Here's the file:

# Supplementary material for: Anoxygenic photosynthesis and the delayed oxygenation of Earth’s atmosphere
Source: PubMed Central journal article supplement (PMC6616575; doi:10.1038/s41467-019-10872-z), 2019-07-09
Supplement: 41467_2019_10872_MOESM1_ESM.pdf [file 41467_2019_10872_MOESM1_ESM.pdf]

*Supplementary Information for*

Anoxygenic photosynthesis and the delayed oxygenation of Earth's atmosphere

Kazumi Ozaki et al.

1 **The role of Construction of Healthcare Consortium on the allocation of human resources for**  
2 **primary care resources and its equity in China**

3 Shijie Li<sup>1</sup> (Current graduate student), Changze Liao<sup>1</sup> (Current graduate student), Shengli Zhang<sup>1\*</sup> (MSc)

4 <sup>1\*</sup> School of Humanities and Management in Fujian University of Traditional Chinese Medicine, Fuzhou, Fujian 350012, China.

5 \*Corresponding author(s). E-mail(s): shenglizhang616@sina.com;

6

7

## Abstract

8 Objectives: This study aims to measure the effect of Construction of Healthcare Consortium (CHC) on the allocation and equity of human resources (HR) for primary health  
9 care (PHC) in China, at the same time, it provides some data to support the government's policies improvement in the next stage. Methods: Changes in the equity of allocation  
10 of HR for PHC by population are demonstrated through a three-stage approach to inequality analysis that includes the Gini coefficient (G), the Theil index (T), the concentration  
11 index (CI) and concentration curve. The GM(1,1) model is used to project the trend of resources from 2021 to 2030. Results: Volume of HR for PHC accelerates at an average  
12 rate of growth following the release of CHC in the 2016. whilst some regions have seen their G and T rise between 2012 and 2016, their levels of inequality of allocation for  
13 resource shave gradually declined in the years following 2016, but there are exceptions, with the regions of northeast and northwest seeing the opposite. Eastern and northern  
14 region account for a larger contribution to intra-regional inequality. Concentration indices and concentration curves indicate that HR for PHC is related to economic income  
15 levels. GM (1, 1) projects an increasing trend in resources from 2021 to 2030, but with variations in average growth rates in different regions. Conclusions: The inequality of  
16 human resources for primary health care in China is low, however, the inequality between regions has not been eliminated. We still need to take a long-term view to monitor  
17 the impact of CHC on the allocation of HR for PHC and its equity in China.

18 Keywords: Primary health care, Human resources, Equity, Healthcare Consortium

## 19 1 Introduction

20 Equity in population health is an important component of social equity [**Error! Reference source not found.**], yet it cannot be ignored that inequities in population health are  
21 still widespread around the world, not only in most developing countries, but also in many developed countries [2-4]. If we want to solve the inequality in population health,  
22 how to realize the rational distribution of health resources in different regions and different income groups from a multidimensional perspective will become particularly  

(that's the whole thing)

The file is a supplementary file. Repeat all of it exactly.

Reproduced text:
# Supplementary material for: Anoxygenic photosynthesis and the delayed oxygenation of Earth’s atmosphere
Source: PubMed Central journal article supplement (PMC6616575; doi:10.1038/s41467-019-10872-z), 2019-07-09
Supplement: 41467_2019_10872_MOESM1_ESM.pdf [file 41467_2019_10872_MOESM1_ESM.pdf]

*Supplementary Information for*

Anoxygenic photosynthesis and the delayed oxygenation of Earth's atmosphere

Kazumi Ozaki et al.

1 **The role of Construction of Healthcare Consortium on the allocation of human resources for**  
2 **primary care resources and its equity in China**

3 Shijie Li<sup>1</sup> (Current graduate student), Changze Liao<sup>1</sup> (Current graduate student), Shengli Zhang<sup>1\*</sup> (MSc)

4 <sup>1\*</sup> School of Humanities and Management in Fujian University of Traditional Chinese Medicine, Fuzhou, Fujian 350012, China.

5 \*Corresponding author(s). E-mail(s): shenglizhang616@sina.com;

6

7

## Abstract

8 Objectives: This study aims to measure the effect of Construction of Healthcare Consortium (CHC) on the allocation and equity of human resources (HR) for primary health  
9 care (PHC) in China, at the same time, it provides some data to support the government's policies improvement in the next stage. Methods: Changes in the equity of allocation  
10 of HR for PHC by population are demonstrated through a three-stage approach to inequality analysis that includes the Gini coefficient (G), the Theil index (T), the concentration  
11 index (CI) and concentration curve. The GM(1,1) model is used to project the trend of resources from 2021 to 2030. Results: Volume of HR for PHC accelerates at an average  
12 rate of growth following the release of CHC in the 2016. whilst some regions have seen their G and T rise between 2012 and 2016, their levels of inequality of allocation for  
13 resource shave gradually declined in the years following 2016, but there are exceptions, with the regions of northeast and northwest seeing the opposite. Eastern and northern  
14 region account for a larger contribution to intra-regional inequality. Concentration indices and concentration curves indicate that HR for PHC is related to economic income  
15 levels. GM (1, 1) projects an increasing trend in resources from 2021 to 2030, but with variations in average growth rates in different regions. Conclusions: The inequality of  
16 human resources for primary health care in China is low, however, the inequality between regions has not been eliminated. We still need to take a long-term view to monitor  
17 the impact of CHC on the allocation of HR for PHC and its equity in China.

18 Keywords: Primary health care, Human resources, Equity, Healthcare Consortium

## 19 1 Introduction

20 Equity in population health is an important component of social equity [**Error! Reference source not found.**], yet it cannot be ignored that inequities in population health are  
21 still widespread around the world, not only in most developing countries, but also in many developed countries [2-4]. If we want to solve the inequality in population health,  
22 how to realize the rational distribution of health resources in different regions and different income groups from a multidimensional perspective will become particularly  